Despite their short coat, Blue Weimaraners do shed. Regular brushing with a soft-bristle brush will help to remove loose hair and keep their coat looking shiny. Bathing should be done as needed, using a mild dog shampoo to avoid drying out their skin.

As an active breed, the Blue Weimaraner requires plenty of exercise to prevent boredom and destructive behavior. Daily walks, runs, or play sessions in a securely fenced yard are essential. Mental stimulation is equally important, so consider providing puzzle toys or enrolling in obedience or agility classes.

Proper training and socialization are crucial for the Blue Weimaraner. They are intelligent and eager to please, but can be stubborn at times. Positive reinforcement methods, such as treats and praise, work best with this breed. Early socialization with people and other animals will help them develop into well-rounded adults.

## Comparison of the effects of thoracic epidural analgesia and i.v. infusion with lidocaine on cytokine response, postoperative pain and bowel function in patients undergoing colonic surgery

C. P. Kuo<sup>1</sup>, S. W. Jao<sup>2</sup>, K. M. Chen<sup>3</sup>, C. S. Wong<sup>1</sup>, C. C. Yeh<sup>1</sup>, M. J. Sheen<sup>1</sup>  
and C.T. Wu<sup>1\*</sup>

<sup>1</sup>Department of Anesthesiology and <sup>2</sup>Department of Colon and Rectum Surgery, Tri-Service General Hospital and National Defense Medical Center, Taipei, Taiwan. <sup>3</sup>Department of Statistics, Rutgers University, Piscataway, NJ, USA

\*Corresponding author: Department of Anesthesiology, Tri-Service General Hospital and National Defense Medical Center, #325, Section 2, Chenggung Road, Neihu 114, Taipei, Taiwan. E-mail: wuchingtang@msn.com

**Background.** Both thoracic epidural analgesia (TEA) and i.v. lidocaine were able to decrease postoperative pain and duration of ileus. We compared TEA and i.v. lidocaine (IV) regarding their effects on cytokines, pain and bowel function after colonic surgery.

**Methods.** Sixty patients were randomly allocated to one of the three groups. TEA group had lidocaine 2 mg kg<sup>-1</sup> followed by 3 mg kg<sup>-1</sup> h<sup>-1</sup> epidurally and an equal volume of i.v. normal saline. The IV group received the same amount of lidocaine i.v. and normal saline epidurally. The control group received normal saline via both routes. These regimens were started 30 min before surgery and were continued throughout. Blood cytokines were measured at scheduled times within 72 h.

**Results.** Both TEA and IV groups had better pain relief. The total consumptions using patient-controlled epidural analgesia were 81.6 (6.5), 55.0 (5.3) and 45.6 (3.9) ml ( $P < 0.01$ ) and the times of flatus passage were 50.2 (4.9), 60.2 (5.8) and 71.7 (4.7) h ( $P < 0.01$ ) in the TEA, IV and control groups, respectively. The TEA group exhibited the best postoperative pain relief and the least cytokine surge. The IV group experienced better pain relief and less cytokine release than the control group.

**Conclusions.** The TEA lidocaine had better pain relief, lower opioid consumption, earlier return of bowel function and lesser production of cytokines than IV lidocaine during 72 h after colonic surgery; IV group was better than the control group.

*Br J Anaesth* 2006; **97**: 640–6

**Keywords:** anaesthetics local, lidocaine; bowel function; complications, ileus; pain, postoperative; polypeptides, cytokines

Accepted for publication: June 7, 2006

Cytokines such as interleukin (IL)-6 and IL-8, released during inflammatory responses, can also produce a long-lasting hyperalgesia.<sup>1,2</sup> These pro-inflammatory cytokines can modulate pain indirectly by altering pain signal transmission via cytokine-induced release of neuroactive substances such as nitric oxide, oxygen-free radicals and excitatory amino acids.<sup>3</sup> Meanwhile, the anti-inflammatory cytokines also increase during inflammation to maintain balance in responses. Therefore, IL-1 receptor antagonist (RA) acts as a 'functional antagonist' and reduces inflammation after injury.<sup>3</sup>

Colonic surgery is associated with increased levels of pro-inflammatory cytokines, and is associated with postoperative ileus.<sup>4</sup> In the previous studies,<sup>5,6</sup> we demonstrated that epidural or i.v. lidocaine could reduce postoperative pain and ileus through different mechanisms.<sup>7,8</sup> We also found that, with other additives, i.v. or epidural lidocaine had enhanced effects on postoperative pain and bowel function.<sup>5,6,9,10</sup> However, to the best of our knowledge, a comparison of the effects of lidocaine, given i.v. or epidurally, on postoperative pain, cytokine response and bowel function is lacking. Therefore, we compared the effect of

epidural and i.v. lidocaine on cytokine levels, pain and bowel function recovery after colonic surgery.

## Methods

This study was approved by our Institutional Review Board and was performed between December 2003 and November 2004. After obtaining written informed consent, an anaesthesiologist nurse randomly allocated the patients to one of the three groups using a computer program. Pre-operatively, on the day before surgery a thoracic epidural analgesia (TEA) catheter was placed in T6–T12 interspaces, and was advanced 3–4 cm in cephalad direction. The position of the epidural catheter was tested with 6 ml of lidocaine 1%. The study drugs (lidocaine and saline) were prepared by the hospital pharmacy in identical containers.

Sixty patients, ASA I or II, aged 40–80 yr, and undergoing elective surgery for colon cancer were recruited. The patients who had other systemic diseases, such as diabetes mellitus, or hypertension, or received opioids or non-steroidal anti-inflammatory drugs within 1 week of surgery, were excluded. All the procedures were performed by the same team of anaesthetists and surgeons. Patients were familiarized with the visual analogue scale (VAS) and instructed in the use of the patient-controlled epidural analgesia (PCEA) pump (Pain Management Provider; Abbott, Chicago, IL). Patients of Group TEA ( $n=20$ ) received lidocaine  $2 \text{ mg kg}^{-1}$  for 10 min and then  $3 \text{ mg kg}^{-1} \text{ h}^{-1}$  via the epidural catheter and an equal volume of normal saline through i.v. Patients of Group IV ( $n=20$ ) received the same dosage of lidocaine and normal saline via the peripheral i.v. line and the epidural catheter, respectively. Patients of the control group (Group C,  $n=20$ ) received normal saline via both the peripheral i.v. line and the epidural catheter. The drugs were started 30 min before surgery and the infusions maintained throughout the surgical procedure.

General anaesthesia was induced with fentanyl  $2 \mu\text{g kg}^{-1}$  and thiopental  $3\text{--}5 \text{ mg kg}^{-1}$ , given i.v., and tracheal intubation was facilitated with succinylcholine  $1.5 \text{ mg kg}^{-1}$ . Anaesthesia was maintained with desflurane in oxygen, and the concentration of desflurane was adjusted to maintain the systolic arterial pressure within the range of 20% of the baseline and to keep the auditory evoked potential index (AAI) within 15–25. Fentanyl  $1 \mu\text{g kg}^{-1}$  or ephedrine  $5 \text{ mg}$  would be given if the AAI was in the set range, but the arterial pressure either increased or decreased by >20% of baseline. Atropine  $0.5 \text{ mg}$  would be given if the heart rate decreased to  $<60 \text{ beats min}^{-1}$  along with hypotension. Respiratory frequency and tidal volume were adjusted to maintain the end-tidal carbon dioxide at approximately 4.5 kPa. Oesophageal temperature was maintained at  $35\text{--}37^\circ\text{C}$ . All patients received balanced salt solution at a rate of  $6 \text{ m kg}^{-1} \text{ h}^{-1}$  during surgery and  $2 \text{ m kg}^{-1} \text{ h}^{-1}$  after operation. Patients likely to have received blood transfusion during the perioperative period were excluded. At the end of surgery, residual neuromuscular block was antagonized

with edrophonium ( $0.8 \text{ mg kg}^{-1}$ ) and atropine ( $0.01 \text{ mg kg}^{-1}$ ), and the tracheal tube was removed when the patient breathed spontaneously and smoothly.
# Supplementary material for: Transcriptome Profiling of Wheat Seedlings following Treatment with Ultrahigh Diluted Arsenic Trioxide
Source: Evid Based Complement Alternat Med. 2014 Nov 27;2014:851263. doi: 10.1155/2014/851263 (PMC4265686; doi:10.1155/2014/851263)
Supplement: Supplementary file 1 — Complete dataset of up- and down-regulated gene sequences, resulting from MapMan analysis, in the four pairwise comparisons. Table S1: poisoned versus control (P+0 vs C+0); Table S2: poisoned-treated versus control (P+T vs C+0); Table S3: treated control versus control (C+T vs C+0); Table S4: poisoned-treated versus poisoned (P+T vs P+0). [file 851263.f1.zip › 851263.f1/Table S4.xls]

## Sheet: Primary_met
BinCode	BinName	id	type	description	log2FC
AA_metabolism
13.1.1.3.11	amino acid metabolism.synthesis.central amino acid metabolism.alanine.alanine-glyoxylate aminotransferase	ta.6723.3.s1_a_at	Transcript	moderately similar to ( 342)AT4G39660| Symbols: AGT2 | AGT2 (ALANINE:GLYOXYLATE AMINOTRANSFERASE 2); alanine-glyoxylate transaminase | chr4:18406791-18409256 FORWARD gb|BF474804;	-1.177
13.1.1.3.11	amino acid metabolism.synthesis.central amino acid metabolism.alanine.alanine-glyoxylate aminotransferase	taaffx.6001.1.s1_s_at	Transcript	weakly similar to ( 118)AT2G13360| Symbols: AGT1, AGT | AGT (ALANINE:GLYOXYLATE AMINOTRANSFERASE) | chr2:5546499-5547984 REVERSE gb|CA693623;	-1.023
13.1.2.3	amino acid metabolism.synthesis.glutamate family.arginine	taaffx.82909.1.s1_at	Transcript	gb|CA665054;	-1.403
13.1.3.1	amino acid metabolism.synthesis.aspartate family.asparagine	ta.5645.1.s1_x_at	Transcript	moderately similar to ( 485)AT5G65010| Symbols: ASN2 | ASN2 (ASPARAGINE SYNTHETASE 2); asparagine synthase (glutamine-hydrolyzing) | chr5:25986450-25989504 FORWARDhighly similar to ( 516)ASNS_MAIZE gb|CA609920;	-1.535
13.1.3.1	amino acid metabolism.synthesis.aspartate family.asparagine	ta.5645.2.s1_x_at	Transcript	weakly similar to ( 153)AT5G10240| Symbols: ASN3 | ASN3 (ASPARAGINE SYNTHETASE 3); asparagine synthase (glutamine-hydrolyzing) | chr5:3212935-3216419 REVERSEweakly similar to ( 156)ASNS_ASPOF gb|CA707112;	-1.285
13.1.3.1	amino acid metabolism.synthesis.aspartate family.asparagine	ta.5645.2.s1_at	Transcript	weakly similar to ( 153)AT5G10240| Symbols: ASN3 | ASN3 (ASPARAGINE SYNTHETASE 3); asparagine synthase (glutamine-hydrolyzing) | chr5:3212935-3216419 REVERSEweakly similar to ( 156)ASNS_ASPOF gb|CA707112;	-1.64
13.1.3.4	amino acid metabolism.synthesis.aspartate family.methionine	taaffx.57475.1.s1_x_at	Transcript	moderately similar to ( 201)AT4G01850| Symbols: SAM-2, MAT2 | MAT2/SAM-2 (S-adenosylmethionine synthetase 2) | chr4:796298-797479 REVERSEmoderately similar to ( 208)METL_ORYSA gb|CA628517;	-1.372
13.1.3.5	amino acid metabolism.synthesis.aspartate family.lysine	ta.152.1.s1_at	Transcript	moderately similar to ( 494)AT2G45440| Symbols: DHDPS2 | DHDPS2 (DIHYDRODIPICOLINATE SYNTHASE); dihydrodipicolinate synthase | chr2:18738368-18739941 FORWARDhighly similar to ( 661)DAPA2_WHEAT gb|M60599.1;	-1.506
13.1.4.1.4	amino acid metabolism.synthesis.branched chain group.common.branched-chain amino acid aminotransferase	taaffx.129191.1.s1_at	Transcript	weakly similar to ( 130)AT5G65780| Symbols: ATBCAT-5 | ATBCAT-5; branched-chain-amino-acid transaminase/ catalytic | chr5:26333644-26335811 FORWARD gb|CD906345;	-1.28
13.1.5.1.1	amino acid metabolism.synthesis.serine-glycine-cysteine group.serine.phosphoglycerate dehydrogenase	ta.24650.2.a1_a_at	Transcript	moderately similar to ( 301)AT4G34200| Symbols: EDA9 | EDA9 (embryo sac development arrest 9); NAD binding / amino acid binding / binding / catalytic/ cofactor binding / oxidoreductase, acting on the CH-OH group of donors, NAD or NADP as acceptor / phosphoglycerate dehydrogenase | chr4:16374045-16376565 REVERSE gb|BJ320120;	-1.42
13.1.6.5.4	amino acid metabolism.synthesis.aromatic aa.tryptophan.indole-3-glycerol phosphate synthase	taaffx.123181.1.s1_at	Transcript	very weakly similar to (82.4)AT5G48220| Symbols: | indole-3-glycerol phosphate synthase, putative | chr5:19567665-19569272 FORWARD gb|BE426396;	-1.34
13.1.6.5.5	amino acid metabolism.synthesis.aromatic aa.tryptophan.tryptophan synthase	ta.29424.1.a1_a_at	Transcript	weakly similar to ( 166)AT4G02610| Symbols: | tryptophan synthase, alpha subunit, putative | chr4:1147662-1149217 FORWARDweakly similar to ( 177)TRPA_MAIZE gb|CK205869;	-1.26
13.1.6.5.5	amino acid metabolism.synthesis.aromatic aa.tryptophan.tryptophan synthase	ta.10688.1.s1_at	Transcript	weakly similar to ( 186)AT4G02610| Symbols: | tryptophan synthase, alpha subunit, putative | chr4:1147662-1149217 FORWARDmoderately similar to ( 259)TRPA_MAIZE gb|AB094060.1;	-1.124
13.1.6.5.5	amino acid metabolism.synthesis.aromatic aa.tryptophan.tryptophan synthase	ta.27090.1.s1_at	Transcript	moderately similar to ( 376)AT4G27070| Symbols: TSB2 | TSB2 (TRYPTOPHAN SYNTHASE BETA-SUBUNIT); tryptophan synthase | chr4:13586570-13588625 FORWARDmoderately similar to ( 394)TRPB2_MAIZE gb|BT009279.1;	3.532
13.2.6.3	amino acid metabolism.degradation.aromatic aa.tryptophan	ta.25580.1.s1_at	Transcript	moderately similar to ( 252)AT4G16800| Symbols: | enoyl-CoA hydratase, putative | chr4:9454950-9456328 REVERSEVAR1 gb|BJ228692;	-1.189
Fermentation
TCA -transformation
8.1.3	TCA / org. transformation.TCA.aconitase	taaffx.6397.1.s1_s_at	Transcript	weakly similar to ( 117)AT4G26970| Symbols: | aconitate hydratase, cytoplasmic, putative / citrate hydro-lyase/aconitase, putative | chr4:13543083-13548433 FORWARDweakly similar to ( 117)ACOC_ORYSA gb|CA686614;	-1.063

Health Issues

Blue Weimaraners are generally robust dogs, but like all breeds, they can be prone to certain health conditions. Here are some common health issues to be aware of:

  1. Hip Dysplasia: A hereditary condition where the hip joint doesn’t develop properly, leading to pain and mobility issues.
  2. Bloat (Gastric Dilatation-Volvulus): A serious condition where the stomach twists, causing gas buildup and potentially cutting off blood flow.
  3. Hypothyroidism: An underactive thyroid gland that affects metabolism and energy levels.
  4. Entropion: An eyelid condition where the eyelid rolls inward, causing irritation.
  5. Dilated Cardiomyopathy: A heart condition that affects the heart’s ability to pump blood effectively.